US 4451022 A
A reusable form for a formed in place concrete pad positioned near a structure. The form including two spaced side beams of a predetermined length beam having first and second ends, each of the first ends are adapted to engage the structure in an abutting relation. The form further including a front beam engaging the side beams at said second ends; a pin hinge for connecting the front beam to the side beams proximate the second ends; and transverse stabilizer means mounted to and suspended above the side beams for establishing a parallel spacing between the side beams for squaring or establishing a perpendicular relation between the side beams and the front beam.
1. A reusable form for a formed in place concrete pad comprising:
two spaced side beams of a predetermined length having first and second ends, each of said side beams comprising a flat first side portion, and flat top and bottom portions extending perpendicularly from said first side portion;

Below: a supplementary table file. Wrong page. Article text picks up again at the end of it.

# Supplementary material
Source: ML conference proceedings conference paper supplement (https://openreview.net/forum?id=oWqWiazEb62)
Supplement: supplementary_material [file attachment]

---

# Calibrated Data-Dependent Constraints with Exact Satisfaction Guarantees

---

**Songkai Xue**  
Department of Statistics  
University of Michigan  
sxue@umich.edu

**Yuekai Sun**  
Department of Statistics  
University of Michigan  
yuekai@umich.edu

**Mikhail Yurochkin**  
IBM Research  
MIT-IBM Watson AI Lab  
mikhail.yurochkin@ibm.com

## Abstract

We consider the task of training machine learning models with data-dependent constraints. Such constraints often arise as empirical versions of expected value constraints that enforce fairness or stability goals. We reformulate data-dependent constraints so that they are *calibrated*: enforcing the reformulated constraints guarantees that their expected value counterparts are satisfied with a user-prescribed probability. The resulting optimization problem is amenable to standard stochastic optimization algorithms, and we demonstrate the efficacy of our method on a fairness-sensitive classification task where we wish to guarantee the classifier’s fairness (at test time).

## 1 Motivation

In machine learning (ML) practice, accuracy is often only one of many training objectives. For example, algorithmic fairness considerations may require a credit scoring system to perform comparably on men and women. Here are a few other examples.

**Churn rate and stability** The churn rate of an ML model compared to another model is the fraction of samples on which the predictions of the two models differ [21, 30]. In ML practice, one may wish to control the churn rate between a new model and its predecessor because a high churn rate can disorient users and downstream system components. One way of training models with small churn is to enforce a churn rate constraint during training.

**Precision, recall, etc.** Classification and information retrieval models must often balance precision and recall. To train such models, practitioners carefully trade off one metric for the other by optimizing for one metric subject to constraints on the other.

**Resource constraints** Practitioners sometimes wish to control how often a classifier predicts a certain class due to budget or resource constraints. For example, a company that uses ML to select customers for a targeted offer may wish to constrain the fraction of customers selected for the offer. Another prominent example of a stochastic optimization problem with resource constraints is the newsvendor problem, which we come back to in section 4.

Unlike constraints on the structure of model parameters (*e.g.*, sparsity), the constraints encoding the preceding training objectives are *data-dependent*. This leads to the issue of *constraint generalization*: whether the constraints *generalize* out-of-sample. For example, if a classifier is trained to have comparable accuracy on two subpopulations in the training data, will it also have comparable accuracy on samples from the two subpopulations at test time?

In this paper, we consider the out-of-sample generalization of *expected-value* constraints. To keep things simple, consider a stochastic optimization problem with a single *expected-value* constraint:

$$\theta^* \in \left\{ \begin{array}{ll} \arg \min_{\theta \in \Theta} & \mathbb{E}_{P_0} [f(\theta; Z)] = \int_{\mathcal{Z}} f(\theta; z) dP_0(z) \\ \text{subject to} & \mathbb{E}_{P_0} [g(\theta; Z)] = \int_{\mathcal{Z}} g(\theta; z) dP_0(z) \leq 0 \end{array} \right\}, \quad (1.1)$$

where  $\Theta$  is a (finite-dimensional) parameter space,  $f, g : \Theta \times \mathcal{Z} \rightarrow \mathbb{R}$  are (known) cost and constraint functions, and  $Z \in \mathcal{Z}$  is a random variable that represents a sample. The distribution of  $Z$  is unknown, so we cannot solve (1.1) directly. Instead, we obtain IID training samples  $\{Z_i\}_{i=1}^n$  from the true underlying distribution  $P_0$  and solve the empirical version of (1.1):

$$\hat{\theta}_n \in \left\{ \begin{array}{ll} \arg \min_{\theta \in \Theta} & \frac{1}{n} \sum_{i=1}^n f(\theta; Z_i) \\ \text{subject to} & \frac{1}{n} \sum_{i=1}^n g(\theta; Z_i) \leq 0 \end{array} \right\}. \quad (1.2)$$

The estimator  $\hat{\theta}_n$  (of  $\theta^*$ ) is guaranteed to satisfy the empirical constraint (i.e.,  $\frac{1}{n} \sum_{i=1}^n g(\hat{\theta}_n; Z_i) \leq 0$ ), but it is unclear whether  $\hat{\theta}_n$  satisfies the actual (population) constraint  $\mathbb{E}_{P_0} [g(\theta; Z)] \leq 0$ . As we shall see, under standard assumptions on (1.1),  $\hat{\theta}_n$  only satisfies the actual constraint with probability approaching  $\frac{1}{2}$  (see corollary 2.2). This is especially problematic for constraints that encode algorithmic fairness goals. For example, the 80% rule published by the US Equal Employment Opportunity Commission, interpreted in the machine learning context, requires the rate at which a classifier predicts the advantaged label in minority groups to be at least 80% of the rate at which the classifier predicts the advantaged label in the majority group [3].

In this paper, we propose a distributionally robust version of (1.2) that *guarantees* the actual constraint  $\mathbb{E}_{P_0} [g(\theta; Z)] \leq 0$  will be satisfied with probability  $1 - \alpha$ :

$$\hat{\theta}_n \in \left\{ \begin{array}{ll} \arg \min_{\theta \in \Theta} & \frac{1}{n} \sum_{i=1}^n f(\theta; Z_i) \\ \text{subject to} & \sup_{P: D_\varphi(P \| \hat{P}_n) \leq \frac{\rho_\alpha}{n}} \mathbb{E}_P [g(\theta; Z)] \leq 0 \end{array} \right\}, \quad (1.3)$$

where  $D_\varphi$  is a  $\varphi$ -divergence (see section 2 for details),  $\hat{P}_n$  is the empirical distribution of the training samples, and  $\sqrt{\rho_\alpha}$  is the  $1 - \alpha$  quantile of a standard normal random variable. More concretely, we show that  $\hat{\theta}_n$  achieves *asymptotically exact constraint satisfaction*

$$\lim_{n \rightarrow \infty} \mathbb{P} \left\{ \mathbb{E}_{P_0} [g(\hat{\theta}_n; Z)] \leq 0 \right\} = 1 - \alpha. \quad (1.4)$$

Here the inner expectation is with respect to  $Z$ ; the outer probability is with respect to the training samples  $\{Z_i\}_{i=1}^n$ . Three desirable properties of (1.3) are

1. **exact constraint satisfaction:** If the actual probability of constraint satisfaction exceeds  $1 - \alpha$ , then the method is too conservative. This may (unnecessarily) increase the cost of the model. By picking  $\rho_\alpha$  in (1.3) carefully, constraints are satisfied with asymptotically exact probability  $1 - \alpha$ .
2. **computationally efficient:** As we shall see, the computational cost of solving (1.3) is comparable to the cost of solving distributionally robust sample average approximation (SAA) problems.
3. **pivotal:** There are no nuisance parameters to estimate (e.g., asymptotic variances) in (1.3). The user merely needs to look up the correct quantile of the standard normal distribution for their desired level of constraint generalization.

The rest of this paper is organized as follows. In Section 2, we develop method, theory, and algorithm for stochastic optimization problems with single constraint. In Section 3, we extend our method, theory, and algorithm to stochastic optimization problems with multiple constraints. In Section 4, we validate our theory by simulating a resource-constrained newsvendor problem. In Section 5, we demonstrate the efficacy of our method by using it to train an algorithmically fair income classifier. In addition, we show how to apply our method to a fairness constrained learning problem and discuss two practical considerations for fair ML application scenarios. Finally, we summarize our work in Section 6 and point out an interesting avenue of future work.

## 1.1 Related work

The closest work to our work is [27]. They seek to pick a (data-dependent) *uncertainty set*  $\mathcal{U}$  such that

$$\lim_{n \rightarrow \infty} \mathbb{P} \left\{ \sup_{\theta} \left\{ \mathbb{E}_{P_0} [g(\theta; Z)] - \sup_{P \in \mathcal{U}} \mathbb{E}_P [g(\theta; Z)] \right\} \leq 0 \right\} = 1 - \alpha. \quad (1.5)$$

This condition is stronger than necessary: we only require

a front beam engaging said side beams at said second ends including a flat second side portion and flat top and bottom portions extending perpendicularly from said second side portion;
connecting means for connecting said front beam to said side beams proximate said second ends and for aligning the respective top portions of said side beams and said front beam in co-planar relation;
transverse stabilizer means mounted to and suspended above said side beams for establishing a parallel spacing between said side beams and for squaring and establishing a perpendicular relation between said side beams and said front beam including a transverse beam having at least two apertures therethrough;